Be it Ordained, by the Common Council of the City of Chicago: That the Board of Public Works are hereby authorised and empowered, to take such steps as they may deem proper for the improvement of the “Cemetery Grounds”, and to improve the walks, and drains, or ditches, connected therewith, in such manner as they may deem most conducive to public conveniences, and the proper preservation of the same, And for the payment of all such expenses, they shall certify their approval of the same to the City Comptroller, who shall pay the same by appt on the City Treasurer payable out of the “Cemetery Fund.”
Bd. Pub Works
First Annual Report of the Board of Public Works of the Common Council of the City of Chicago, 1862
Board of Public Works
Benjamin Carpenter, President
Frederick Letz, Treasurer
John G. Gindele
E.S. Chesbrough, Chief Engineer
A.W. Tinkham, Secretary
Office of the Board of Public Works, February 24, 1862
To the Mayor and Aldermen of the City of Chicago in Common Council assembled:
Gentlemen: In conformity with the requirements of the new charter organizing the department of the municipal government, we transmit herewith the annual report of the Board of Public Works.
The Board was organized May 6th, 1861. Suitable rooms had previously been provided in the Court House and as soon as was practicable the rented offices occupied by the late Boards of Water and Sewerage Commissioners were vacated. All the city departments are gathered into one building and it is a matter of considerable convenience to the citizens that the payment of the water tax and business with the water and sewerage departments as with other departments under the care of the Board and can be attended to where the general city tax is paid, and where are the various offices of the city government.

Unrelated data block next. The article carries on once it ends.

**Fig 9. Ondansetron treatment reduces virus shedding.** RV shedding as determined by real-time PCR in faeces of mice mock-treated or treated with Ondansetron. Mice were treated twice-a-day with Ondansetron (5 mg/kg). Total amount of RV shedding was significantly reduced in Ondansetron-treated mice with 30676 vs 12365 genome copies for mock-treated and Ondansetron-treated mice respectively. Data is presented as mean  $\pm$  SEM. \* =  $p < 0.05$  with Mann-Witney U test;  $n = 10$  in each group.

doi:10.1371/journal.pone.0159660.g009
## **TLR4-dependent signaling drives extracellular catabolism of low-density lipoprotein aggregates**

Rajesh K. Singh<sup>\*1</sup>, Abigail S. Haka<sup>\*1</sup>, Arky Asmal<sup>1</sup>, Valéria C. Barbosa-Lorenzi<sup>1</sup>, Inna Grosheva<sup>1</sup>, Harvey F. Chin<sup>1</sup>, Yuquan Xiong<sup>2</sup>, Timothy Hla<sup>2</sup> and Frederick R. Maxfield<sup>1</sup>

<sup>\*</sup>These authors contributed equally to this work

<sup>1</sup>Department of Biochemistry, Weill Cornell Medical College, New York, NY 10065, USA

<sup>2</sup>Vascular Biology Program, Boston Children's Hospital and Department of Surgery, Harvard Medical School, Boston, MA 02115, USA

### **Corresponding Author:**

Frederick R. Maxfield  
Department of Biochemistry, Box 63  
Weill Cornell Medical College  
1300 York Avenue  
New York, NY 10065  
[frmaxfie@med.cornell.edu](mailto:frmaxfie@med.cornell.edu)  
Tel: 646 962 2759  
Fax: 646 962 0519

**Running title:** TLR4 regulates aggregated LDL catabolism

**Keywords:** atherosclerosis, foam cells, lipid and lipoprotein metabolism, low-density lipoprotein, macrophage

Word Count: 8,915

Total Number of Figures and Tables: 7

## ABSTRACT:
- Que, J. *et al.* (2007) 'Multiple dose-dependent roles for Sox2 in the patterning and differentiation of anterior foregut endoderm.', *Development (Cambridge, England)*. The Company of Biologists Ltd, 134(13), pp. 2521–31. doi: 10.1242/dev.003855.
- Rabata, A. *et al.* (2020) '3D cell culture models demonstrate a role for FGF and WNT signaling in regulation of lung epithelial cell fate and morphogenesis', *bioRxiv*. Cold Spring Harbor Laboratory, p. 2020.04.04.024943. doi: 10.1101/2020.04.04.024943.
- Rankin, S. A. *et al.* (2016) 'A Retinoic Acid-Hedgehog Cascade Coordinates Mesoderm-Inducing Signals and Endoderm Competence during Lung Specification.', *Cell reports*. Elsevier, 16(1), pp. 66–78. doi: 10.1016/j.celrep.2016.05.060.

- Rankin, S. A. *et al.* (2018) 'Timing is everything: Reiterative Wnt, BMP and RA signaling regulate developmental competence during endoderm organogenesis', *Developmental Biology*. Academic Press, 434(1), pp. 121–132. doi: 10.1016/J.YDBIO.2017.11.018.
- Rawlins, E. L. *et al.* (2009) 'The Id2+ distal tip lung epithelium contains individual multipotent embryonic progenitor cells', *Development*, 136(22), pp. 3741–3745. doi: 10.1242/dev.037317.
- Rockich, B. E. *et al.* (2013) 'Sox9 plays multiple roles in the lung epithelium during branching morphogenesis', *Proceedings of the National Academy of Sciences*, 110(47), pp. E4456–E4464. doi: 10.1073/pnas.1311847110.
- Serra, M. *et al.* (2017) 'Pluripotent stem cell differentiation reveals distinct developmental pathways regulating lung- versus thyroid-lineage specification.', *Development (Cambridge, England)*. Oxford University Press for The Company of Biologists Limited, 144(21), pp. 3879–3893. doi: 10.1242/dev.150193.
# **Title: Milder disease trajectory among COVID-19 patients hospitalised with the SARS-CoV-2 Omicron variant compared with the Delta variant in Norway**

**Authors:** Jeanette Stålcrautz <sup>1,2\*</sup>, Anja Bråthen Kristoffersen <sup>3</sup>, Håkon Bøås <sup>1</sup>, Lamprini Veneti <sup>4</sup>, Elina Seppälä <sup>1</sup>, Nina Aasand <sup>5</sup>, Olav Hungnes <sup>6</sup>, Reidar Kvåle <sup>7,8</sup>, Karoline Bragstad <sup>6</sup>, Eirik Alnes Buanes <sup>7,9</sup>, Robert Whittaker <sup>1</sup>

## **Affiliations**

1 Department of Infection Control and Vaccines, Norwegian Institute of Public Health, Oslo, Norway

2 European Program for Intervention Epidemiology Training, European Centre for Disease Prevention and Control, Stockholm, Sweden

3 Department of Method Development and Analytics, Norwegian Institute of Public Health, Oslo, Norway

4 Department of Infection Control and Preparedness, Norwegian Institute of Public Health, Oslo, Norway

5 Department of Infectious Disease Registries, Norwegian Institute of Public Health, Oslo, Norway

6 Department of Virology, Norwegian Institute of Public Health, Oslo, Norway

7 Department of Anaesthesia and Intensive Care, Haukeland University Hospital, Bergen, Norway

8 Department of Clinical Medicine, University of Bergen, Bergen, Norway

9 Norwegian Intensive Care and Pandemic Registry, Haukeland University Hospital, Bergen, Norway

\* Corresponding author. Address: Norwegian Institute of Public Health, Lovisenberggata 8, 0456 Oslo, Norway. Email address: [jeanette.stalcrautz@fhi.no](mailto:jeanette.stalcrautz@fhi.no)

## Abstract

By the terms of the act of organization this Board is charged with the care of the Water Works and the Sewerage Works, the Public Parks and other public places of the city, the Streets the River and Harbor and Public Buildings, the Bridges, the Lamps and Lights to the lighting of public places and buildings of the city and with the direction of all the public improvements hereafter to be commenced by the city.